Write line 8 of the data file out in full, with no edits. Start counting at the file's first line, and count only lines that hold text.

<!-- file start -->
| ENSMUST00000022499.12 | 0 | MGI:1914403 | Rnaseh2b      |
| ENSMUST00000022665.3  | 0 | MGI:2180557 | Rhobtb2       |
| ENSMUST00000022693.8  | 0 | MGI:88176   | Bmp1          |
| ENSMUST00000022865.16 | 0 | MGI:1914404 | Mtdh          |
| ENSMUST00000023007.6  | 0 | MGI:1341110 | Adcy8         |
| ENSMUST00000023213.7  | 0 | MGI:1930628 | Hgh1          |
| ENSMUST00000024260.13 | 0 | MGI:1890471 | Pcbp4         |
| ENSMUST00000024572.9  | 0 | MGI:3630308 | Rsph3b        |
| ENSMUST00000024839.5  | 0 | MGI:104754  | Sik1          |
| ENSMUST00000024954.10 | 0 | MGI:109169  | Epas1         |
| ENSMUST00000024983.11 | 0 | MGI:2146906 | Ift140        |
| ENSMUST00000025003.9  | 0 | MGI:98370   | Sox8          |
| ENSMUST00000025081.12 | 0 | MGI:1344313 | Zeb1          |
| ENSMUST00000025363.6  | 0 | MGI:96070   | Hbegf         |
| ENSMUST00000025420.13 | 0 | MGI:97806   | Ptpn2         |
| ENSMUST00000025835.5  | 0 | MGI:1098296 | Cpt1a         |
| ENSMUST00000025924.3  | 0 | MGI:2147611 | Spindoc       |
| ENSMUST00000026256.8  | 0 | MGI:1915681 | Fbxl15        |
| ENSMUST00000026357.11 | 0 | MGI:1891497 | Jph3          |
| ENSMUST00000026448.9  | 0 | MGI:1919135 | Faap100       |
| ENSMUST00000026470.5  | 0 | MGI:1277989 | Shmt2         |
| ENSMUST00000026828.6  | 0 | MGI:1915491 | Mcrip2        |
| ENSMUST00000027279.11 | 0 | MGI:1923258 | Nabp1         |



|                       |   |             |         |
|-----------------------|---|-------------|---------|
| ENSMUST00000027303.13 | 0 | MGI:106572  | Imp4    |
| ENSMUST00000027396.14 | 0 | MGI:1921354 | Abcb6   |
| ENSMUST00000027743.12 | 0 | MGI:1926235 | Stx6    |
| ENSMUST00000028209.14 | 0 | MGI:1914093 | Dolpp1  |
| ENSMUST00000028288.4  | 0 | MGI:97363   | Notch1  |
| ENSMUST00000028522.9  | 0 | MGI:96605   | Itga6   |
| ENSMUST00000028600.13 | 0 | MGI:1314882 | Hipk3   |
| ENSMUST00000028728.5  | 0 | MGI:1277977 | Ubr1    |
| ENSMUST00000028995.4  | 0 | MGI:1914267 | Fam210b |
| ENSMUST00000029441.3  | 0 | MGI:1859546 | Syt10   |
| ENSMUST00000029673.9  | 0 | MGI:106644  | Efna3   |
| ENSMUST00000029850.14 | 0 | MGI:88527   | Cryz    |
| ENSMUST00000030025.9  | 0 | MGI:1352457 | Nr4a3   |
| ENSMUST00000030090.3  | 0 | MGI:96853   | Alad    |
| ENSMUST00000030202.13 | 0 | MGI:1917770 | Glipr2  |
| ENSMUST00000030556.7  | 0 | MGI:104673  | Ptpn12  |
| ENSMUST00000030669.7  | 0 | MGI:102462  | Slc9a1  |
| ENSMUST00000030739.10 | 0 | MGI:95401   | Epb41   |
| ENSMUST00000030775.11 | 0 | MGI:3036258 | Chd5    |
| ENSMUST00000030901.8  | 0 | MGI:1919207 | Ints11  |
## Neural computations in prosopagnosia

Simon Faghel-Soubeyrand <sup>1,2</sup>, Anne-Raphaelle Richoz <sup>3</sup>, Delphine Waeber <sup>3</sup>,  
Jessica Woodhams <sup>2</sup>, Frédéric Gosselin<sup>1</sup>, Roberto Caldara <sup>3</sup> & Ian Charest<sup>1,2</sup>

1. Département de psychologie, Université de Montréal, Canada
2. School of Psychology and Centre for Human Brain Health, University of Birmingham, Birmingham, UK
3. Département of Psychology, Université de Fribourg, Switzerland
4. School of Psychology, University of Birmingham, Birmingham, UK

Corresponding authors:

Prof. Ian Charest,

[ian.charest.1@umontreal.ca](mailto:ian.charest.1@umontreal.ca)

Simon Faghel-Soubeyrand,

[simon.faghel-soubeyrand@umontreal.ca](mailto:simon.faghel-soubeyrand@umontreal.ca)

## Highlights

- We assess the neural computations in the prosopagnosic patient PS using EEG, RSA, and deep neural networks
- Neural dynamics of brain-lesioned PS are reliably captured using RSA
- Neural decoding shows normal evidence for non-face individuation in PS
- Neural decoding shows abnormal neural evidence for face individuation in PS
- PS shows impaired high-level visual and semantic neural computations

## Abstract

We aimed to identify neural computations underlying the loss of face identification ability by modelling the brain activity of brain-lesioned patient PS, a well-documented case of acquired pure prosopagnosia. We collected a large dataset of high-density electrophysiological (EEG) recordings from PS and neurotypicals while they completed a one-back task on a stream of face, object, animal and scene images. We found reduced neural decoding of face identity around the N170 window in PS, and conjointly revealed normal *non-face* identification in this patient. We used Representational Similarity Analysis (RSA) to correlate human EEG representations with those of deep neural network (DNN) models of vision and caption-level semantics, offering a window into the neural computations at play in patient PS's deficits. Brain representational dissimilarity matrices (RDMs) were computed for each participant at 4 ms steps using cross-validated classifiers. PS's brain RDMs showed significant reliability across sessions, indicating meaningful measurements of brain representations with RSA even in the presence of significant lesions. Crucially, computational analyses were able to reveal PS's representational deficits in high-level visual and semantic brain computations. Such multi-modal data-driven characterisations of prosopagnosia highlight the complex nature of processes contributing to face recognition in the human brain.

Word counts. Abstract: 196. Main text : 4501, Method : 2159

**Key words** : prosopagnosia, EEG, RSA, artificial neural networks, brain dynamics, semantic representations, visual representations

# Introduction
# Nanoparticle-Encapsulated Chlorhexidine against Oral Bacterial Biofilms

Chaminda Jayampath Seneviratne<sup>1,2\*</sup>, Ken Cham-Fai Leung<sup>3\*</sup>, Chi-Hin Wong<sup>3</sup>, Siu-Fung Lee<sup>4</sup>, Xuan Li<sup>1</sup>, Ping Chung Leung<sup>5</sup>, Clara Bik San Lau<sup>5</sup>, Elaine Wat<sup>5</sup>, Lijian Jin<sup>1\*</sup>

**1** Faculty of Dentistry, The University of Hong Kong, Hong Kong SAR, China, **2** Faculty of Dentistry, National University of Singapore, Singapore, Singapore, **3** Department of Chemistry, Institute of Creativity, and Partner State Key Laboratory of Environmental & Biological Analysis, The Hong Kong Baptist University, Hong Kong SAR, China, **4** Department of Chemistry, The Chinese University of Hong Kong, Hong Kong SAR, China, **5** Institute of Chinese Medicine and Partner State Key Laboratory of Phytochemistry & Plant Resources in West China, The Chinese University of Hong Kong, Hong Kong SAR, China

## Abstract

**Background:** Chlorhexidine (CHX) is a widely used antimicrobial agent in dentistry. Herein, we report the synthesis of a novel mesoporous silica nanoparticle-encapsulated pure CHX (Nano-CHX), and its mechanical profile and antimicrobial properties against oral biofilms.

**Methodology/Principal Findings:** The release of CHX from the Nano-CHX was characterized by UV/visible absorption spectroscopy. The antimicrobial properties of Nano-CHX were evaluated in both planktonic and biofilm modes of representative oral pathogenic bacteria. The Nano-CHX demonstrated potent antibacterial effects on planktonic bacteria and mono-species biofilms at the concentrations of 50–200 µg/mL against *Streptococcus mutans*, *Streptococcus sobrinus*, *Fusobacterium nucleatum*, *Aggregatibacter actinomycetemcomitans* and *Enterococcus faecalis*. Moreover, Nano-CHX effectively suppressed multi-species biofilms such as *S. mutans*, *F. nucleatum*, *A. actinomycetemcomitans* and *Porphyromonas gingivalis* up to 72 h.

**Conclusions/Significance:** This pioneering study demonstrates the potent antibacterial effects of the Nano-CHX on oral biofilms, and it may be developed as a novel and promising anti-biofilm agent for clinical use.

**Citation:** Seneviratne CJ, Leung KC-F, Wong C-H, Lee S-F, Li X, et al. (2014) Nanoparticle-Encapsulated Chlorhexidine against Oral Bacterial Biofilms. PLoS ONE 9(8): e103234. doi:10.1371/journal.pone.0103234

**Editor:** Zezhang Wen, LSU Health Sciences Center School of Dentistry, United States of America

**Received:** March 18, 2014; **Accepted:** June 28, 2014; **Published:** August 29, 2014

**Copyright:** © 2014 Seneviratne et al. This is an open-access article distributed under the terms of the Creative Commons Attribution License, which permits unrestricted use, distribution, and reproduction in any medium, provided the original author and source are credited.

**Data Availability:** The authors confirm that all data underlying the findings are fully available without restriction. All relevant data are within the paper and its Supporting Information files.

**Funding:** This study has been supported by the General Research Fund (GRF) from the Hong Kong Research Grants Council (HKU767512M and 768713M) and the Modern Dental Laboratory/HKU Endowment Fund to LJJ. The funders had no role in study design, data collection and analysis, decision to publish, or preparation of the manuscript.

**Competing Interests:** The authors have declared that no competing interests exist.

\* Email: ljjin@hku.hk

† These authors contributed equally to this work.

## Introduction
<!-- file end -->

| ENSMUST00000024572.9  | 0 | MGI:3630308 | Rsph3b        |